April 14, 2005 by

Libby Dengrove

5 comments

Categories: Artists, Media

Ida Libby Dengrove, a courtroom artist who won two Emmy Awards for her illustrated coverage of the “Son of Sam” trial of David Berkowitz and the “Murder at the Met” trial of Craig S. Crimmins, died on April 13 from complications of Alzheimer’s disease. She was 86.
Born in Philadelphia to Russian immigrants, Dengrove attended Moore College of Art and studied in Europe on a John Frederick Lewis Memorial Fellowship. She honed her skills during World War II by drawing portraits of wounded soldiers and Army recruits for the U.S.O. In the midst of her war-time travels, she also met her future husband, Edward Dengrove, a psychiatrist who served as a surgeon in China.
Upon their return to the states, the couple wed and settled in New Jersey. Edward opened a home-based practice while Libby raised their three children and continued her training in an upstairs studio. They were married for 64 years, until his death in 2003.
In 1972, NBC News advertised its need for a courtroom artist. Dengrove heard about the job, grabbed her sketchpad and hopped on a Manhattan-bound train. She didn’t bother to set up an appointment; she just walked into NBC Studios and requested a try-out. During her job interview, Dengrove drew sketches of the person in front of her.
She was hired on the spot.
For the next 15 years, Dengrove’s artwork accompanied the network’s trial stories, including the Jonestown massacre, the Mafia and John Lennon’s deportation. As America’s first courtroom television artist, she was able to work around a judicial ban on cameras and efficiently record famous cases in inks and oils. Dengrove discussed her broadcasting experiences in the 1990 memoir, “My Days in Court: Unique Views of the Famous and Infamous by a Court Artist.”
In recent years, Dengrove suffered from Alzheimer’s and Parkinson’s disease. She never stopped drawing, however, and was known for creating portraits of the people living in her nursing homes.

5 Responses to Libby Dengrove

  1. Barry Thau

    Ida Libby Dengrove was a kind, gracious, thoughtful person. I was seeing her husband Edward for a number of years and would occasionally see her since his office was part of their home. She wrote in her book “MY DAYS IN COURT” of Jackie Kennedy Onasis, that she was the most dignified personality that she sketched during her fifteen-year courtroom career. Mrs. Dengrove was the most dignified person i have ever met. Mrs. Onasis was involved in a 1983 case where Mrs. Dengrove was the courtroom sketch artist.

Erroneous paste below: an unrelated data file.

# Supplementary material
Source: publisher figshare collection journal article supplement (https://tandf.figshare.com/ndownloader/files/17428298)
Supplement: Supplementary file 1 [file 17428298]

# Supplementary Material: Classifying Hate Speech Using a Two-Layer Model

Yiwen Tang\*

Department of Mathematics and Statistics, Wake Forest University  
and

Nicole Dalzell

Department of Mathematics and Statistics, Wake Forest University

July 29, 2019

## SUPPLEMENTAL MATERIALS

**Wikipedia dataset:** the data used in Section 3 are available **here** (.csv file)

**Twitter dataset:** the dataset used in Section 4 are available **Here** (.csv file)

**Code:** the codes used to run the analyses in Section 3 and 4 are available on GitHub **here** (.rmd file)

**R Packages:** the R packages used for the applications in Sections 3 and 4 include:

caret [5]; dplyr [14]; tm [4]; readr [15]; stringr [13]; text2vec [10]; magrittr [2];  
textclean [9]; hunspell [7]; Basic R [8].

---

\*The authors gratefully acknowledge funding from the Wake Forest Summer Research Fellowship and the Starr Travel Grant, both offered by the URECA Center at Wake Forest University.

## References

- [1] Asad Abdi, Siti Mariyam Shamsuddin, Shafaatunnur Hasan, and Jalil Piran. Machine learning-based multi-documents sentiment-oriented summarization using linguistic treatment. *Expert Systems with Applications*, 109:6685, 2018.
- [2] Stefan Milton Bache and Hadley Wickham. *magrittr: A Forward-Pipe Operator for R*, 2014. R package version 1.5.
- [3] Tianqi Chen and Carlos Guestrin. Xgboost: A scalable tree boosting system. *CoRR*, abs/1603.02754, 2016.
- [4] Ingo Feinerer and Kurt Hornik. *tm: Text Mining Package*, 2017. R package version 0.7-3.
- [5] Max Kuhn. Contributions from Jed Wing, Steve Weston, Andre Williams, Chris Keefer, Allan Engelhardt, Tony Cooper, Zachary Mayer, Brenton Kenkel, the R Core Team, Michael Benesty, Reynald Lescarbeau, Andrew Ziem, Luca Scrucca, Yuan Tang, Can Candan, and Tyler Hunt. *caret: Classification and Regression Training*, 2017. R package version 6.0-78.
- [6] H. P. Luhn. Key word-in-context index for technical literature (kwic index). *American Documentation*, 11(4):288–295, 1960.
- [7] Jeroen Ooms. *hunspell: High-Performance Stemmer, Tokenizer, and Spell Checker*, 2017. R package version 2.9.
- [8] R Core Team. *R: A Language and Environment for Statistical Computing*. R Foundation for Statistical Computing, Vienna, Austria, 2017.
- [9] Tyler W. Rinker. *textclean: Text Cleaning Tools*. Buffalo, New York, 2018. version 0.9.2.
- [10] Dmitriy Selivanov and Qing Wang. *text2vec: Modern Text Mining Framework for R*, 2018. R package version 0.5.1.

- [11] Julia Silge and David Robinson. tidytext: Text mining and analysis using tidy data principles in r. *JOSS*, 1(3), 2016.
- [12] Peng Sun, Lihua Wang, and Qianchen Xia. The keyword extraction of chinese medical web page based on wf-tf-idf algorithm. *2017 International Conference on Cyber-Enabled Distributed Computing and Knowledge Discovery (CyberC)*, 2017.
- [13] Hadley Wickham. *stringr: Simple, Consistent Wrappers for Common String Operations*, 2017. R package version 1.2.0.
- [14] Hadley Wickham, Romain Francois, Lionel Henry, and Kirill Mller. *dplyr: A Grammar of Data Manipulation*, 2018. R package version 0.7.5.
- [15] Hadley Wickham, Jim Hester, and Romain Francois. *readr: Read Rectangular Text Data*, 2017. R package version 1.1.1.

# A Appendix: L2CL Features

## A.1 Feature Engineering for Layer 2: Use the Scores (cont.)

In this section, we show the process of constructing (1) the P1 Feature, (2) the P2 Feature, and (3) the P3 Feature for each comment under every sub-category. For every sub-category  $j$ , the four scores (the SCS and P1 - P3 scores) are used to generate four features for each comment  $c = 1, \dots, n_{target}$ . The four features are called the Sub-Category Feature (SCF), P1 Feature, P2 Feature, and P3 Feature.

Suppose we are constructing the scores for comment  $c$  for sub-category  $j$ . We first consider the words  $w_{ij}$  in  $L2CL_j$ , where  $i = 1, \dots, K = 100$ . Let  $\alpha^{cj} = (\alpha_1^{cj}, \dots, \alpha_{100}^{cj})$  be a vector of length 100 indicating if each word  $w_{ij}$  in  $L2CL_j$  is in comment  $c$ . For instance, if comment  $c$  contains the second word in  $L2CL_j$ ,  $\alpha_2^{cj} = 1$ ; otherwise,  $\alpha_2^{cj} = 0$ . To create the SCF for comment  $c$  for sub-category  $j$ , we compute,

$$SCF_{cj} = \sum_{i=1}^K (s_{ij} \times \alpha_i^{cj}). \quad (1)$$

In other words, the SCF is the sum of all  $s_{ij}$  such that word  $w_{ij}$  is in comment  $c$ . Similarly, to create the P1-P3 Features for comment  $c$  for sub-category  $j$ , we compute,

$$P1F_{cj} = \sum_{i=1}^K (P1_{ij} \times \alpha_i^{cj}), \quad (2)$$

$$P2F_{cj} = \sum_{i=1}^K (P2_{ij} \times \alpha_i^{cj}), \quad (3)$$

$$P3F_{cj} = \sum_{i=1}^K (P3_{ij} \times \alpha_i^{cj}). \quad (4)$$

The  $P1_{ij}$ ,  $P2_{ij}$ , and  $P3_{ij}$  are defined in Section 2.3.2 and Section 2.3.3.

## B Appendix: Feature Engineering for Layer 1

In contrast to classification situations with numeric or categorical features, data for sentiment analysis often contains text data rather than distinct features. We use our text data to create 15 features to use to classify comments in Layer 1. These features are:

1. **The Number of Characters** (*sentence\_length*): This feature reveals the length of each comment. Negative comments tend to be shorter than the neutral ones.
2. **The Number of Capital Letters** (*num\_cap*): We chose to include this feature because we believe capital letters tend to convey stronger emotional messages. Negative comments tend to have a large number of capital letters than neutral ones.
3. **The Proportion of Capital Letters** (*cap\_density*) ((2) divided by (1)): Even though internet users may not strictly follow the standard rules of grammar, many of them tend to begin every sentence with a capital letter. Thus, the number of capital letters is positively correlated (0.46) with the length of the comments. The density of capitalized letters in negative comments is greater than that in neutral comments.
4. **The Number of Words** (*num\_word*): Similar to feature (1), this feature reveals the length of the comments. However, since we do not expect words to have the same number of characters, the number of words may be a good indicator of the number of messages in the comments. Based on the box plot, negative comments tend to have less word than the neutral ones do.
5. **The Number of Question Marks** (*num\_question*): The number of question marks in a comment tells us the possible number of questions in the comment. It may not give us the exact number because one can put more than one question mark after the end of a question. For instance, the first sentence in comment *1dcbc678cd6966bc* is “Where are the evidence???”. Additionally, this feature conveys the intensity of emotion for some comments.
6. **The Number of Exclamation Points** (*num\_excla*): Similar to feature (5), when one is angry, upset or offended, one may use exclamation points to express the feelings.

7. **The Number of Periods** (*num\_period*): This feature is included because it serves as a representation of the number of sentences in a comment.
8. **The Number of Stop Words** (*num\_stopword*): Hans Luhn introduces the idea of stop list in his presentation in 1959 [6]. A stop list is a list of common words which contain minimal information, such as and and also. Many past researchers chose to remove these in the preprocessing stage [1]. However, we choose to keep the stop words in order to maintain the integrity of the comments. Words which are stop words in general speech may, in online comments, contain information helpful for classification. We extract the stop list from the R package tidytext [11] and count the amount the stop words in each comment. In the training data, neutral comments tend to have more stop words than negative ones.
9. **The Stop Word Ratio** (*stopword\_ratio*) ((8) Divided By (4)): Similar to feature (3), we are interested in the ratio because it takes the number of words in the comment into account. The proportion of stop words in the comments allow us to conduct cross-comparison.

2. Mary Ryan-Waters

    My Dad, Judge Edward Ryan died suddenly in February of this year. I was delighted to find a scetch drawn by Ida of my Dad in his courtroom for a show that aired on Newscenter4 in 1979. It is remarkable. I refraqmedit, and have it in my living room. It is quite a tribute to my Dad. I smile at my Dad’s likeness every Dad and also think fondly of Ida.
    Thanks Ida for this lasting memory of my Dad.
    Fondly,
    Mary and family

  3. r.schiaffo

    dear sir or madem I have a drawing that was done buy this atriste and given to my father judge Al schiaffo in 1983 but not what trial it related to if you know iworld like find out there must have been a reason for her not saying at the time

  4. andrea dengrove

    Libby was actually my great aunt. Though i did not ever meet her, I’ve heard wonderful stories about her, and am sad that I never got 2 meet this wonderful person. I’ve seen some of the artwork shes done, and its fatastic, i hope i may be lucky enough too inherit her talent.

  5. Ray Houston Miller

    I met Ida Libby Dengrove at the 3rd Annual Christian Brothers Art show in 1978. I purchased the oil painting of “The Watergate Trial of 1973” from her at the show as Attorney Peter Flemings grandfather John Fleming had donated the horse farm that helped create our high school.
    At that time I was having a hard time helping get my foster son into my alma mater & I was also running a 10 year reunion for the Class of 1968.
    Ida Libby Dengrove & I made a handshake agreement that one day I would utilize the oil painting to help foster youth like my first foster son
    Kerry Patrick Waters.
    Today I am trying to market full size color photographic prints of this historic US trial that occurred in Federal District Courtroom #3.

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